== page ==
I'm working on another section of the workshop presentation.
Just a bit of background, which I won't be giving in the paper, since everyone involved in the workshop probably has at least an MA in English or a related field. (It's worth mentioning in passing that many English verse terms are taken from Classical Greek, though they measured vowel length in ways we don't. So the whole terminology thing isn't perfect, but it's what we use anyway. Jack Lynch at Rutgers has a helpful page on terminology.)
In English metric verse, we measure by stressed and unstressed syllables. Stress is when you say a syllable or part of a word with a little more emphasis or loudness. As a native speaker of English, when you say the word "important," for example, you're likely to stress the second syllable, "port." If you speak Spanish, and say "Importante," you'll stress the "tan" syllable. Unlike Spanish, which has pretty regular rules for stresses, English is all over the place; that's one of the things that makes it a hard language to learn as a second language.
Say "important." Now say "impotent." In "impotent," you get a pattern of stress, unstress, and either another unstress or slightly stressed final syllable. (In my accent, I pretty much swallow the end "tent" syllable. Your accent will probably be different. This is one of the reasons why reading verse aloud to feel it in your mouth is so very important.) When you say "important," you have an unstressed, stressed, and unstressed pattern.
English tends to rarely stress two syllables in a row, but fairly often has a couple unstressed syllables between stressed syllables. The easiest patterns in English involve two syllables, one stressed, one unstressed. And, probably 90% of metrical verse in English falls specifically into the pattern of iambs: an unstressed followed by an stressed syllable.
Here's an example:
If she should write
Some verse tonight
Would limit her. (John Hollander, Rhyme's Reason)
We could also write this:
If she / should write
Some verse / tonight
This di / meter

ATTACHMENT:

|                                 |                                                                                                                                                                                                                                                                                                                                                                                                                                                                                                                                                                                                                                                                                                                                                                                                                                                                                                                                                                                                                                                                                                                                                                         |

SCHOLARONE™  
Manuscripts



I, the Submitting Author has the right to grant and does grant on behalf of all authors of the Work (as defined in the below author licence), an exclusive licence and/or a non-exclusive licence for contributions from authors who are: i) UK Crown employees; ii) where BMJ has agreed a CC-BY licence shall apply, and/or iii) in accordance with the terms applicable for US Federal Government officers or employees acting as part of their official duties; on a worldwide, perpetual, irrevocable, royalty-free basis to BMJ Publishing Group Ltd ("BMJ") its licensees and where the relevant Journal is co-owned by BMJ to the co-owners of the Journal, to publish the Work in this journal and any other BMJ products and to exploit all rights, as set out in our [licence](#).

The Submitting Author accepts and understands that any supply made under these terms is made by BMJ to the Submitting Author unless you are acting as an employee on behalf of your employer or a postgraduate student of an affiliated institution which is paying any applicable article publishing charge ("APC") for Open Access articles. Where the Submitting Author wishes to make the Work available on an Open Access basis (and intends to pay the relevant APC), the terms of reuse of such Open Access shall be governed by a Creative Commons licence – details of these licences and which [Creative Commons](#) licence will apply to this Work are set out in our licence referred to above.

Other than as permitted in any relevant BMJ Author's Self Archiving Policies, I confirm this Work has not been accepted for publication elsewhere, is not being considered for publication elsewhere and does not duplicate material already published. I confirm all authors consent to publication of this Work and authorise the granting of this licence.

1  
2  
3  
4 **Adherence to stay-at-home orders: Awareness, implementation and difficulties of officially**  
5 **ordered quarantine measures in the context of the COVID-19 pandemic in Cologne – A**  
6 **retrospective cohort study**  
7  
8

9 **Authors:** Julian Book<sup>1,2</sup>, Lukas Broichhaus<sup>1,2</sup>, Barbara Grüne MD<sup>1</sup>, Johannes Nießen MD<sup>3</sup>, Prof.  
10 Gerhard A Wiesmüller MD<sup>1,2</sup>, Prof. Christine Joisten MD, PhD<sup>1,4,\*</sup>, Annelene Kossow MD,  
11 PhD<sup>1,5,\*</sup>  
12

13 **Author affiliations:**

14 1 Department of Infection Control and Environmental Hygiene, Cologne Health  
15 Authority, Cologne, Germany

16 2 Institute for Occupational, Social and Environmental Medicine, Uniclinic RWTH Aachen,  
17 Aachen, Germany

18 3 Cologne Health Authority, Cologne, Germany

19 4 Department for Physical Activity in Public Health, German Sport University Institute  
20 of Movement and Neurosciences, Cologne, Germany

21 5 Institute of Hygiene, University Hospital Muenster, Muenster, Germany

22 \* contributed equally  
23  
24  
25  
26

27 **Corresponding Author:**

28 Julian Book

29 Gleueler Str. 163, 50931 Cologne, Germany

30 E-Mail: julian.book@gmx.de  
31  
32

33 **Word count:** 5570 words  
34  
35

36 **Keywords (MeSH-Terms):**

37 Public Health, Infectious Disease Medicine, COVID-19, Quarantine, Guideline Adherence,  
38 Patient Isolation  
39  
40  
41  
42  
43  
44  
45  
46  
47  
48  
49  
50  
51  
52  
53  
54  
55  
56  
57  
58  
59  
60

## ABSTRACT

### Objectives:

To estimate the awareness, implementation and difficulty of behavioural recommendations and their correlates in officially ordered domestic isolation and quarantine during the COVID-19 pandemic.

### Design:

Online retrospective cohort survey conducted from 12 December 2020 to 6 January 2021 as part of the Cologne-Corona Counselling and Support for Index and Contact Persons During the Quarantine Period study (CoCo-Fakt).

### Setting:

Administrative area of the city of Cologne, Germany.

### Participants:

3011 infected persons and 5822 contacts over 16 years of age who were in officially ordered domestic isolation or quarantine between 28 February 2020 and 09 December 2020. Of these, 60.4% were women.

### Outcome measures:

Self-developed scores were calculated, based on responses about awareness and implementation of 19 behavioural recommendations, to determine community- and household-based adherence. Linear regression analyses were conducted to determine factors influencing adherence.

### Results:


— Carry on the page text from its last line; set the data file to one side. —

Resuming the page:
Would li/ mit her.
The slash marks (aka virgules) separate each foot. (A foot is a measurement, as in inches, feet; it's easier to think of in terms of a musical measure. So when you see poetry talking about tripping over feet, or making "pedestrian" jokes, you know they're joking about meter.)
This example being iambic, when you read it aloud, you'll probably feel the second syllable in each foot stronger in your mouth.
So, iamb: unstress, stress
Trochee: stress, unstress
And because we sometimes see a foot with two stresses, we have a name for that:
Spondee: stress, stress
English verse is sometimes written in three syllable feet, with one stress and two unstressed syllables.
Anapest: unstress, unstress, stress
Dactyl: stress, unstress, unstress
(Want a mnemonic? An anapest is "all the BEST"; the word "anapest" is itself a dactyl.)
We also talk about the lengths of line using Greek-originated prefixes.
Monometer = one foot in a line
Dimeter = two feet in a line (the joke in Hollander's verse above)
Trimeter = three feet in a line
Tetrameter = four feet in a line
Pentameter = five feet in a line
Hexameter = six feet in a line (Also called an Alexandrine, because we LOVE our terminology.)
Most English metrical verse is in iambic pentameter, with a fair minority in tetrameter, trimeter, and hexameter.
The temperature outside, according to the NWU website, has reached 45F, so I'm cutting this short to go take a bike ride, get some fresh air, exercise, all that good stuff.
If you see someone wending along on an old ten speed in several layers of long johns and sweats, wave to me! (I'm actually thinking of getting a pair of those long biking tight things so I won't be so cold, but the idea of wearing ANYTHING remotely spandex makes me tense.)
The background stuff took me LOTS longer than I'd planned, so I'll come back in a separate post to add what I'm really going to talk about. I wonder at myself typing all that in because it's not at all what I'm really after.
Edit: Thanks to Dr. Virago for correcting a typo!